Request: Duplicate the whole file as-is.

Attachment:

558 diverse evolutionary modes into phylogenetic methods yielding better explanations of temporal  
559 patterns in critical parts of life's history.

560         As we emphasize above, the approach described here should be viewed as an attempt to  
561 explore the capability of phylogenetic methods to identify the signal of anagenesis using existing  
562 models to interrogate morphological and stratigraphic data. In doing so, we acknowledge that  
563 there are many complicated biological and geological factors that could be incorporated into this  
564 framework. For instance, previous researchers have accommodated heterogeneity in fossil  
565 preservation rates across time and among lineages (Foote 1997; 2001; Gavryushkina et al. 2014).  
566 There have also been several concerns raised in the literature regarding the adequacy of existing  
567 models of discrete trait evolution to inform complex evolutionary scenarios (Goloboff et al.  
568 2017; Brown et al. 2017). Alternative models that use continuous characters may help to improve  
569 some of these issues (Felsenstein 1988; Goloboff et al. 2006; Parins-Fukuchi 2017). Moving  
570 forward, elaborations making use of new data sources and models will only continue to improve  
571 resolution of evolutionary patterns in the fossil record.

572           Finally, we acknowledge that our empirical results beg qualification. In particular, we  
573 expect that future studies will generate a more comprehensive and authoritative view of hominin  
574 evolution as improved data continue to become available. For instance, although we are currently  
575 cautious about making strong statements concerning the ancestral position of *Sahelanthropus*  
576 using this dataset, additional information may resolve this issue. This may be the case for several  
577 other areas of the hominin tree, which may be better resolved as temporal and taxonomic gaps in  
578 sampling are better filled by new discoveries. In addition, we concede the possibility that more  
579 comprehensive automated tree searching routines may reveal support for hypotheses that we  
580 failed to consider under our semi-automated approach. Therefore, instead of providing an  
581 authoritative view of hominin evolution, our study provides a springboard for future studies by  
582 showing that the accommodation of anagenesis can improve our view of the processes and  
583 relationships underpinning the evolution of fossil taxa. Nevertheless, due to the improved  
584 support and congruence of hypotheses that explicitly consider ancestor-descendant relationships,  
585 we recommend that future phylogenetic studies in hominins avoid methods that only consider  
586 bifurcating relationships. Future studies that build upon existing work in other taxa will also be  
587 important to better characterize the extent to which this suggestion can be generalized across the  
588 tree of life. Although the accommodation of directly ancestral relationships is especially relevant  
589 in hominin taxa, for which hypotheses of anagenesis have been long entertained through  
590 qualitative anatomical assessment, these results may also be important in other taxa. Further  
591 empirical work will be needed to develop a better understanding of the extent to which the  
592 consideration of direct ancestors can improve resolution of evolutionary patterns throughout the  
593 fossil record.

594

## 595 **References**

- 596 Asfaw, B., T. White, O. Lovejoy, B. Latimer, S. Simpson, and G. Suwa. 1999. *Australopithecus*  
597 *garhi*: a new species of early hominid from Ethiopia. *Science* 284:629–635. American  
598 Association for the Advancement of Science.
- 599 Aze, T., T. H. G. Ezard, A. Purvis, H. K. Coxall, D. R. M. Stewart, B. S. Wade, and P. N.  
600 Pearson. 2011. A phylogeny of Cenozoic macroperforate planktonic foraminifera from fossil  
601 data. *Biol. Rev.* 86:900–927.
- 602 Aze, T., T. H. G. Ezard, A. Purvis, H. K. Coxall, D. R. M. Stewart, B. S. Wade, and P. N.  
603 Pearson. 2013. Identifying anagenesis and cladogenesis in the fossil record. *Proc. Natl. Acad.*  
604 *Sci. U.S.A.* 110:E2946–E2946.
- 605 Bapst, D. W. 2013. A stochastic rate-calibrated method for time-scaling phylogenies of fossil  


558 diverse evolutionary modes into phylogenetic methods yielding better explanations of temporal  
559 patterns in critical parts of life's history.

560         As we emphasize above, the approach described here should be viewed as an attempt to  
561 explore the capability of phylogenetic methods to identify the signal of anagenesis using existing  
562 models to interrogate morphological and stratigraphic data. In doing so, we acknowledge that  
563 there are many complicated biological and geological factors that could be incorporated into this  
564 framework. For instance, previous researchers have accommodated heterogeneity in fossil  
565 preservation rates across time and among lineages (Foote 1997; 2001; Gavryushkina et al. 2014).  
566 There have also been several concerns raised in the literature regarding the adequacy of existing  
567 models of discrete trait evolution to inform complex evolutionary scenarios (Goloboff et al.  
568 2017; Brown et al. 2017). Alternative models that use continuous characters may help to improve  
569 some of these issues (Felsenstein 1988; Goloboff et al. 2006; Parins-Fukuchi 2017). Moving  
570 forward, elaborations making use of new data sources and models will only continue to improve  
571 resolution of evolutionary patterns in the fossil record.

572           Finally, we acknowledge that our empirical results beg qualification. In particular, we  
573 expect that future studies will generate a more comprehensive and authoritative view of hominin  
574 evolution as improved data continue to become available. For instance, although we are currently  
575 cautious about making strong statements concerning the ancestral position of *Sahelanthropus*  
576 using this dataset, additional information may resolve this issue. This may be the case for several  
577 other areas of the hominin tree, which may be better resolved as temporal and taxonomic gaps in  
578 sampling are better filled by new discoveries. In addition, we concede the possibility that more  
579 comprehensive automated tree searching routines may reveal support for hypotheses that we  
580 failed to consider under our semi-automated approach. Therefore, instead of providing an  
581 authoritative view of hominin evolution, our study provides a springboard for future studies by  
582 showing that the accommodation of anagenesis can improve our view of the processes and  
583 relationships underpinning the evolution of fossil taxa. Nevertheless, due to the improved  
584 support and congruence of hypotheses that explicitly consider ancestor-descendant relationships,  
585 we recommend that future phylogenetic studies in hominins avoid methods that only consider  
586 bifurcating relationships. Future studies that build upon existing work in other taxa will also be  
587 important to better characterize the extent to which this suggestion can be generalized across the  
588 tree of life. Although the accommodation of directly ancestral relationships is especially relevant  
589 in hominin taxa, for which hypotheses of anagenesis have been long entertained through  
590 qualitative anatomical assessment, these results may also be important in other taxa. Further  
591 empirical work will be needed to develop a better understanding of the extent to which the  
592 consideration of direct ancestors can improve resolution of evolutionary patterns throughout the  
593 fossil record.

594

## 595 **References**

- 596 Asfaw, B., T. White, O. Lovejoy, B. Latimer, S. Simpson, and G. Suwa. 1999. *Australopithecus*  
597 *garhi*: a new species of early hominid from Ethiopia. *Science* 284:629–635. American  
598 Association for the Advancement of Science.
- 599 Aze, T., T. H. G. Ezard, A. Purvis, H. K. Coxall, D. R. M. Stewart, B. S. Wade, and P. N.  
600 Pearson. 2011. A phylogeny of Cenozoic macroperforate planktonic foraminifera from fossil  
601 data. *Biol. Rev.* 86:900–927.
- 602 Aze, T., T. H. G. Ezard, A. Purvis, H. K. Coxall, D. R. M. Stewart, B. S. Wade, and P. N.  
603 Pearson. 2013. Identifying anagenesis and cladogenesis in the fossil record. *Proc. Natl. Acad.*  
604 *Sci. U.S.A.* 110:E2946–E2946.
- 605 Bapst, D. W. 2013. A stochastic rate-calibrated method for time-scaling phylogenies of fossil  